Slightly Extended version: On Friday night, Jack’s Mannequin brought down the house, again. They were making their first proper Boston appearance since the release of their third album, People and Things, and with a history of memorable area appearances, everyone in attendance knew they were in for a great show. Just one question lingered, and likely won’t be answered for some time: was this the band’s final time playing in the city?
In a recently published interview with Andrew McMahon, the band’s frontman/mastermind had, in a vague, artist speak kind of way hinted that the band had run its course. He said the project wasn’t as enjoyable as it once had been, and it might just be time to move on. This didn’t come as a complete surprises when you considering McMahon originally intended Jack’s to be a one-off side project, and it was now going into its seventh year. Also, Places and Thing, despite being a solid album, didn’t receive the type of enthusiastic reception the band’s first two efforts had.
While McMahon didn’t acknowledge the future of the band during the show, and most in the crowd were probably unaware of these comments, those who did know realized this could be the end of something special. If this tour is indeed the last hurrah, the band demonstrated they plan to go out swinging.
The night opened with a set from Allen Stone (which I missed). Philadelphia three-piece Jukebox the Ghost then took the stage. Their forty-five minute set was relatively well received by the crowd, which at this point had already packed the House of Blues.
Jack’s Mannequin kicked off their set with “Bruised” from debut album Everything in Transit. While the band had plenty of new material to show off, this older favorite had the crowd singing along so loudly McMahon had to battle to be heard.
While it quickly became obvious from the set list this was the People and Things tour, McMahon and Co. did a good job of mixing in songs from their first two records alongside new tracks such as “Release Me”, “Amy, I”, and “Amelia Jean.”
While these new songs didn’t receive quite the reaction that many of the older tracks did, most of them were more impressive and packed more of a punch than they do on the record. McMahon has said that People and Things was recorded as more of a full band effort and less as a solo project, and this seemed to benefit the group’s live show. In an ideal world, the band’s performance of “Hey Hey Hey (We’re All Gonna Die)” and “People Running” alone should boost sales of the new record by at least a few hundred copies next week. It probably won’t happen, but both of these tracks were show-stoppers.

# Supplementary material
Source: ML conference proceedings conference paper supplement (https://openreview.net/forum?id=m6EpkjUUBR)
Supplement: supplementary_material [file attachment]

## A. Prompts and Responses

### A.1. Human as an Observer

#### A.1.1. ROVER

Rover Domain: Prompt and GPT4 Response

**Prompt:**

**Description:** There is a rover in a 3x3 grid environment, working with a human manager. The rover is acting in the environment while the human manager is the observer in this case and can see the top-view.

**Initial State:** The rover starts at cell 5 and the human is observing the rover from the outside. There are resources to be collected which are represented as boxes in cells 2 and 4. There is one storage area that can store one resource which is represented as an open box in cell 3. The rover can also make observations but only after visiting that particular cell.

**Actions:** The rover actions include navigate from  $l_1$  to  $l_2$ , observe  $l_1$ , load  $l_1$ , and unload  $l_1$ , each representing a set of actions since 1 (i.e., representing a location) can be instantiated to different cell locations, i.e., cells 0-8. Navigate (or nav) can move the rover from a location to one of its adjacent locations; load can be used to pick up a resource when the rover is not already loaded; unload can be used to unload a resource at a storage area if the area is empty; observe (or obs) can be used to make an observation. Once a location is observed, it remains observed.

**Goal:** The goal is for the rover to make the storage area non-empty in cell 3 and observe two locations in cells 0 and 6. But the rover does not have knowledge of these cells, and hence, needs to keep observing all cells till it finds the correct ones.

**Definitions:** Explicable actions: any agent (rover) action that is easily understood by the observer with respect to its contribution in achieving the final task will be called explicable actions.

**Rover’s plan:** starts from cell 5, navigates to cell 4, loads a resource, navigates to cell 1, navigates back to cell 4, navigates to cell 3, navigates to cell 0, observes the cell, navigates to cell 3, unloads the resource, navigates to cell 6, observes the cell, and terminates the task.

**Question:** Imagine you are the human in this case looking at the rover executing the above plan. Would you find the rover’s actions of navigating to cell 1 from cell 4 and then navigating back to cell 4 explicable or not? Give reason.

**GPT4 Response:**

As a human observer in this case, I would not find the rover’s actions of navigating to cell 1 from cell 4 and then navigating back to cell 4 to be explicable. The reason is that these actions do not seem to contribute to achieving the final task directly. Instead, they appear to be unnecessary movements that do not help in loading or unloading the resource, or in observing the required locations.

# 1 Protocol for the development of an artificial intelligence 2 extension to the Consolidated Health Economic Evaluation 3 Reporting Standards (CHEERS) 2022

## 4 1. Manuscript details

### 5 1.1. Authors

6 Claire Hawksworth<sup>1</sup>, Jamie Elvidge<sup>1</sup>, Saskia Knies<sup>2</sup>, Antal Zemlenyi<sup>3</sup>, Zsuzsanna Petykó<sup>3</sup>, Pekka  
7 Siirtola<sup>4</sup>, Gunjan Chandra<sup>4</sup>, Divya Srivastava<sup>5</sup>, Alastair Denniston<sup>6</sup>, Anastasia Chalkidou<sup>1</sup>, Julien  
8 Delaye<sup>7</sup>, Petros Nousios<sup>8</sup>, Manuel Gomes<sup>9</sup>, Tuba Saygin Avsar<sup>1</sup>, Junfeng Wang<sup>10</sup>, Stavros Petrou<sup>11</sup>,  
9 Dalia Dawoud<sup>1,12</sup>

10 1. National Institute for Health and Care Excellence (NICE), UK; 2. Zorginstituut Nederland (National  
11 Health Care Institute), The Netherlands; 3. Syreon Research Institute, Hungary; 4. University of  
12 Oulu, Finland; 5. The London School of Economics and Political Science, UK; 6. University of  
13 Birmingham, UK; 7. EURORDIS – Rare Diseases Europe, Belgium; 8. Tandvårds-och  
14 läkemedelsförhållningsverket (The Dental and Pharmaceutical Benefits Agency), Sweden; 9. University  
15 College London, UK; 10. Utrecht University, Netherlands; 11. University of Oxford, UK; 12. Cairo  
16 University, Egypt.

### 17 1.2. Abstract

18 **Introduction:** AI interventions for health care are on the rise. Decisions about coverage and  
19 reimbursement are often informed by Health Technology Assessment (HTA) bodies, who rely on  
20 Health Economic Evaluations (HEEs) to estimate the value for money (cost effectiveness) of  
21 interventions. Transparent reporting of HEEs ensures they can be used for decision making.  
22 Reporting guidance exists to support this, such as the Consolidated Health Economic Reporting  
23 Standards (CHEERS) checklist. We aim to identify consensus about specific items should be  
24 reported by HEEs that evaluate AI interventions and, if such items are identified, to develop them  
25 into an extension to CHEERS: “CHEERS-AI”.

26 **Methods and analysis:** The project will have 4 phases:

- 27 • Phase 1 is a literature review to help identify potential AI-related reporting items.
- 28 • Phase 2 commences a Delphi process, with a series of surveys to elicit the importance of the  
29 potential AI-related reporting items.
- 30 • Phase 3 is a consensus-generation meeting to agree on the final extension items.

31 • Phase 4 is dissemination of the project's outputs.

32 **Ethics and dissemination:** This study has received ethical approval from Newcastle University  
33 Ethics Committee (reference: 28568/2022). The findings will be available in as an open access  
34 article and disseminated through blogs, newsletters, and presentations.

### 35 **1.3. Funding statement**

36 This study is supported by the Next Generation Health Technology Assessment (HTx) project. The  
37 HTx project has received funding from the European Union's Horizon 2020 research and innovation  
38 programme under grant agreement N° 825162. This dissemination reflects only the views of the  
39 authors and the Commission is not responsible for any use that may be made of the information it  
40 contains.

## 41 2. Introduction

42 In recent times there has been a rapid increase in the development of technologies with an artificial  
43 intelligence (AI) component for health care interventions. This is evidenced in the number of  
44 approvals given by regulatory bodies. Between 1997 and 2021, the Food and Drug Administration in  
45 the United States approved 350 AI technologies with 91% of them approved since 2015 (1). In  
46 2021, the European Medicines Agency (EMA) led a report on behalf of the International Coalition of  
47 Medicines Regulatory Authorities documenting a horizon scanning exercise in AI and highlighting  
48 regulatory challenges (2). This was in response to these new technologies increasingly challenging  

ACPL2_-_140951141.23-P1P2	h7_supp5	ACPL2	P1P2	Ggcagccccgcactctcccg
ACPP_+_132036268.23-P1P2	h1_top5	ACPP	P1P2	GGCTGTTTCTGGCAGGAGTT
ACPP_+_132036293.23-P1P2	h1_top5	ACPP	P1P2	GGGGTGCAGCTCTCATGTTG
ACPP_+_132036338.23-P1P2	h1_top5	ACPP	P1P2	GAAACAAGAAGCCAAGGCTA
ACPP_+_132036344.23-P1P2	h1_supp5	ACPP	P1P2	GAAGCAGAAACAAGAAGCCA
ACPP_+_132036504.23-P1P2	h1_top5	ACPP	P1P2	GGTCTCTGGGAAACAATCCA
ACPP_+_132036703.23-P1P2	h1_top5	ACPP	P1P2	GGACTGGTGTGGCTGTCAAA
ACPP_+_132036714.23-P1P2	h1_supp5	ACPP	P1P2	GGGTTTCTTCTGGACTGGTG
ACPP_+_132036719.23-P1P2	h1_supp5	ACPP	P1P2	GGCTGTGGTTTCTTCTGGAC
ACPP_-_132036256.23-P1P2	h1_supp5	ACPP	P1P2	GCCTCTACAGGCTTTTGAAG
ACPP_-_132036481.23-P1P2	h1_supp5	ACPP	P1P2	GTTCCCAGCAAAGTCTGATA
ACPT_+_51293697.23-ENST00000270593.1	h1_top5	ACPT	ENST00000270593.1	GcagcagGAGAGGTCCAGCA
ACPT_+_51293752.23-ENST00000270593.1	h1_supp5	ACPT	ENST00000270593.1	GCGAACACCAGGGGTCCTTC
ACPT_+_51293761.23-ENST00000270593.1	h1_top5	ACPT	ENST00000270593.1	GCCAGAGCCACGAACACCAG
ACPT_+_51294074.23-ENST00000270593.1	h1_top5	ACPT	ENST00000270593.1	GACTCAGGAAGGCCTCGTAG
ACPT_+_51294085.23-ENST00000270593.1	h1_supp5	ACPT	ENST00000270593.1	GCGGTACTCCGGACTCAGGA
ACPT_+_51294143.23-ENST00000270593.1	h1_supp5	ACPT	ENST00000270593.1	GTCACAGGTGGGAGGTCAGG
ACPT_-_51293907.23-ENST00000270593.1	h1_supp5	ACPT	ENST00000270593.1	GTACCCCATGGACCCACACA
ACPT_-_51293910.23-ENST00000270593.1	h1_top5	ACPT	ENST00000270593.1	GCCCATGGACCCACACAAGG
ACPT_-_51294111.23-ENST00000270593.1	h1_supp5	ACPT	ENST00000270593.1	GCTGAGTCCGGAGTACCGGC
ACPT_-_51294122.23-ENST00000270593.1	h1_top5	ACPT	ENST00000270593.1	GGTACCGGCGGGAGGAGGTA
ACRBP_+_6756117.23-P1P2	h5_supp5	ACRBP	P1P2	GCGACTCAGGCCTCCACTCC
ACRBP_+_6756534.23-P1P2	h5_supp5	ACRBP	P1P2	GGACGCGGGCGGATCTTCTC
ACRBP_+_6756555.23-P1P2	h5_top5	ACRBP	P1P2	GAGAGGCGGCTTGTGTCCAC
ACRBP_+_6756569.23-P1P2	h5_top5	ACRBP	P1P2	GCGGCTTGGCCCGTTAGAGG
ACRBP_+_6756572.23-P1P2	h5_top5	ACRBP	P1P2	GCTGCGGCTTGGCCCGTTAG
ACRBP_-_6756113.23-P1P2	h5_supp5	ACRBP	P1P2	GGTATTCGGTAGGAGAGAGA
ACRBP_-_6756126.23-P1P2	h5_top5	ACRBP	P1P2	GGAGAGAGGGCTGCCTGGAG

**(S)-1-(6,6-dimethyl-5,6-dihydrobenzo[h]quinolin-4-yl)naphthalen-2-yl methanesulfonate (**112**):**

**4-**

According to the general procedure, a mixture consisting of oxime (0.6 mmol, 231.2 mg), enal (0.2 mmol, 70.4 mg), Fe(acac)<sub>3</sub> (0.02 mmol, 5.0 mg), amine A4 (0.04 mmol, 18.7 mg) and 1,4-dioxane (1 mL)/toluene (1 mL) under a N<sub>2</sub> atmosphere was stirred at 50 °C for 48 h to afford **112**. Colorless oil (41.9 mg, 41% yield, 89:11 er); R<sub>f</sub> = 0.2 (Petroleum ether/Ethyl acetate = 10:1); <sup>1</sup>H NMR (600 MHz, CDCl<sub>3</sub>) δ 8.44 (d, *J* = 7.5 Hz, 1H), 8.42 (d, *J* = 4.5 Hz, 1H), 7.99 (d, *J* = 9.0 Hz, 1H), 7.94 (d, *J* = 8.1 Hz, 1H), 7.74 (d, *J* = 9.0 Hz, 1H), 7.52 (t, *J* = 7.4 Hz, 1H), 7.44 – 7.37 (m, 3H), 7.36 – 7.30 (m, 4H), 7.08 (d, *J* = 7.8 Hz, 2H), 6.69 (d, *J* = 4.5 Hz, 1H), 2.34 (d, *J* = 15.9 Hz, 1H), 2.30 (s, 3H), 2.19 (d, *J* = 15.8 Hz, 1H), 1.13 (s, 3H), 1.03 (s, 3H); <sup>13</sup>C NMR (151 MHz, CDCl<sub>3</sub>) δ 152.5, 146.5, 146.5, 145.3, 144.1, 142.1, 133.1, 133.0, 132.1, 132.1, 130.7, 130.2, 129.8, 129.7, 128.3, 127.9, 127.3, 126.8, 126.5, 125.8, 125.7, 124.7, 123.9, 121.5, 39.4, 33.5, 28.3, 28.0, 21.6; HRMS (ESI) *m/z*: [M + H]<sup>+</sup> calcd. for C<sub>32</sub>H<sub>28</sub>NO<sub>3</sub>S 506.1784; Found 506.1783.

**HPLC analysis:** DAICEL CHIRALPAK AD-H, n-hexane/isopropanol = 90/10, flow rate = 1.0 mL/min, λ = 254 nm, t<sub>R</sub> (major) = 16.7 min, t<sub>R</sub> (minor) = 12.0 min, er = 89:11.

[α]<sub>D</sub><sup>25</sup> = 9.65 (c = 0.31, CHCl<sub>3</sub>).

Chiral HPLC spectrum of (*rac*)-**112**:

Good record sales or not, McMahon’s stage presence is second to none. Even in a cavernous venue packed with 2,000 people, you couldn’t help but feel like he was playing you songs in his living room. The stage set up didn’t hurt, for the band was surround by household lamps and blue light bulbs suspended above the stage. At other times, two giant “mirror balls” (as McMahon described them) set the venue awash in light.
The rest of the band’s set didn’t feature any real curve balls. “Bloodshot” “Holiday From Real” and clos
to the encore, the band returned to the stage to perform the acoustic track “Restless Dream,” which they followed by “My Racing Thoughts” ( although I could be wrong on that one though).ing number “Dark Blue” all received huge reactions from the crowd, as they always do. Never ones to skimp when it comes
to do it.Finally, the band would bring the night to a close with “La La La Lie”, another Everything in Transit staple. Basked in confetti and “mirror ball” light, the band would make their way off the House of Blues stage for what very well could have been the final time. If this in fact was the last Boston appearance, going out with a superb set in front of an ecstatic sellout crowd isn’t a bad way
April 29th 2011
House of Blues Boston
Rise Against sure does know how to pick openers. Recent tour mates have included the likes of Thursday, Circa Survive, Billy Talent, Alkaline Trio, Thrice, The Gaslight Anthem, Rancid… and the list goes on . That’s why it was no surprise when they announced their most recent mega-tour, this one with support from punk legends Bad Religion and Worcester natives Four Year Strong. Their appearance at the House of Blues in Boston on April 29th was their first of two sold-out shows, and after witnessing the three live sets, it was obvious why this tour had no trouble selling tickets.